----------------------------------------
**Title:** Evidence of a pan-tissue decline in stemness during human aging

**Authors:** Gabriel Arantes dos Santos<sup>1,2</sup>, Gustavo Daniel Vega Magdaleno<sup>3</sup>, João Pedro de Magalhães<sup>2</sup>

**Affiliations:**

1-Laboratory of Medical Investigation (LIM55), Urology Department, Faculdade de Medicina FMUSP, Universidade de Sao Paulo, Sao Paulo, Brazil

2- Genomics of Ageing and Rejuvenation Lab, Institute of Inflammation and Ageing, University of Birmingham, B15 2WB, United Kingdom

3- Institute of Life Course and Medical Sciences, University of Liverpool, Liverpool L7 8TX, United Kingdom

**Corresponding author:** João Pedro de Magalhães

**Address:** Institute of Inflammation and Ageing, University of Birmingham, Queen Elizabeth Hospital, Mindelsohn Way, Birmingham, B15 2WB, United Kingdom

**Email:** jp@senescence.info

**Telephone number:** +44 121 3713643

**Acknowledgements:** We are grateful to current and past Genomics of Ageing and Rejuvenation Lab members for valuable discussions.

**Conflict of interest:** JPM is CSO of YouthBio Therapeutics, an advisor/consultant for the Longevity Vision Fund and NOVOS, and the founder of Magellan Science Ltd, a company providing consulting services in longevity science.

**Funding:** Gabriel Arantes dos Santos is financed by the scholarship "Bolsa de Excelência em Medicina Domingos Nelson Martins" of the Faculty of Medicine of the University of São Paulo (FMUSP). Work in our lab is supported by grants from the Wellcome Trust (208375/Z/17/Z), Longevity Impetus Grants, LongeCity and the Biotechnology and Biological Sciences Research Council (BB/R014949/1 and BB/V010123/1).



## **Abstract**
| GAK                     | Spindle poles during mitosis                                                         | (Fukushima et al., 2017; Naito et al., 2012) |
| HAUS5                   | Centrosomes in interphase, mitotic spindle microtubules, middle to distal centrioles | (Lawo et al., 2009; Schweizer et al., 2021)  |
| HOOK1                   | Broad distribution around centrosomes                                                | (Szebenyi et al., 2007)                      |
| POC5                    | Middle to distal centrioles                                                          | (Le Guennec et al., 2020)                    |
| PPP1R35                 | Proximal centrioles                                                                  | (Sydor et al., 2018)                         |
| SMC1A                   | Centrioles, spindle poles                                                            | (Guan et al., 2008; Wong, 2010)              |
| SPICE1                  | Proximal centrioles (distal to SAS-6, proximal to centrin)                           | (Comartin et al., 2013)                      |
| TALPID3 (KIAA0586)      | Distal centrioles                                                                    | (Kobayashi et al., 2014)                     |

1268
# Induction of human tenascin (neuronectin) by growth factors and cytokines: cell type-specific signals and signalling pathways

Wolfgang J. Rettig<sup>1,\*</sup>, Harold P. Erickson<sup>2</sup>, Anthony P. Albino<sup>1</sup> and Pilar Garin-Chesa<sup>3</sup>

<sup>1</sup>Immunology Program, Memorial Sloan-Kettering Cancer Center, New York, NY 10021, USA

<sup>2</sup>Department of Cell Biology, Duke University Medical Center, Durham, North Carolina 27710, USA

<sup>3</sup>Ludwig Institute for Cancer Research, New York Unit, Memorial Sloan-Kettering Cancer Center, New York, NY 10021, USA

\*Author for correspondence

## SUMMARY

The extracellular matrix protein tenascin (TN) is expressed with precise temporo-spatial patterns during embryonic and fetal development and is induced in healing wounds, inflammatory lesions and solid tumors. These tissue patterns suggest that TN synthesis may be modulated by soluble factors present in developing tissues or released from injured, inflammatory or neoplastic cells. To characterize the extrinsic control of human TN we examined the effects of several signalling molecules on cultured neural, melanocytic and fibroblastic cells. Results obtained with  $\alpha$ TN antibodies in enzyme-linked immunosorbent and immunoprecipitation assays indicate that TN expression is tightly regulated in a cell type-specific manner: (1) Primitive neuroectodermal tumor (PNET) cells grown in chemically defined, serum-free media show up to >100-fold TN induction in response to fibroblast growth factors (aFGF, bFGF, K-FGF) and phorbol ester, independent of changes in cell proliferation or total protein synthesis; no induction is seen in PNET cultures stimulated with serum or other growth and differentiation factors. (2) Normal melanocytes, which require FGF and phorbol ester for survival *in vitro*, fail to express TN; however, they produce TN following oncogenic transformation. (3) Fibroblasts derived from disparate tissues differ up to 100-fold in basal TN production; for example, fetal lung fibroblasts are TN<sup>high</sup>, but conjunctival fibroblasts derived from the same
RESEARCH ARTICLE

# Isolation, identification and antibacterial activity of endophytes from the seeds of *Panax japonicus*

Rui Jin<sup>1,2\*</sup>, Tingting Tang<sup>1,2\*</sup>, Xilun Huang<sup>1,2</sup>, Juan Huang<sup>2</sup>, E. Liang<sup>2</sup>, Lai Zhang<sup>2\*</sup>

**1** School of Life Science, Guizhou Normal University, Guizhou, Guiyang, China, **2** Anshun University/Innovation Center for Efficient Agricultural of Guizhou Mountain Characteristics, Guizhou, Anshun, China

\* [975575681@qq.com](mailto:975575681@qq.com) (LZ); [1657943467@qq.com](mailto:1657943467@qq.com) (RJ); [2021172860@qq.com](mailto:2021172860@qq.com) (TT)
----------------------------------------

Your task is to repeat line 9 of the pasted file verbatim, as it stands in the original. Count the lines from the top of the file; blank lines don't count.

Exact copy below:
**Email:** jp@senescence.info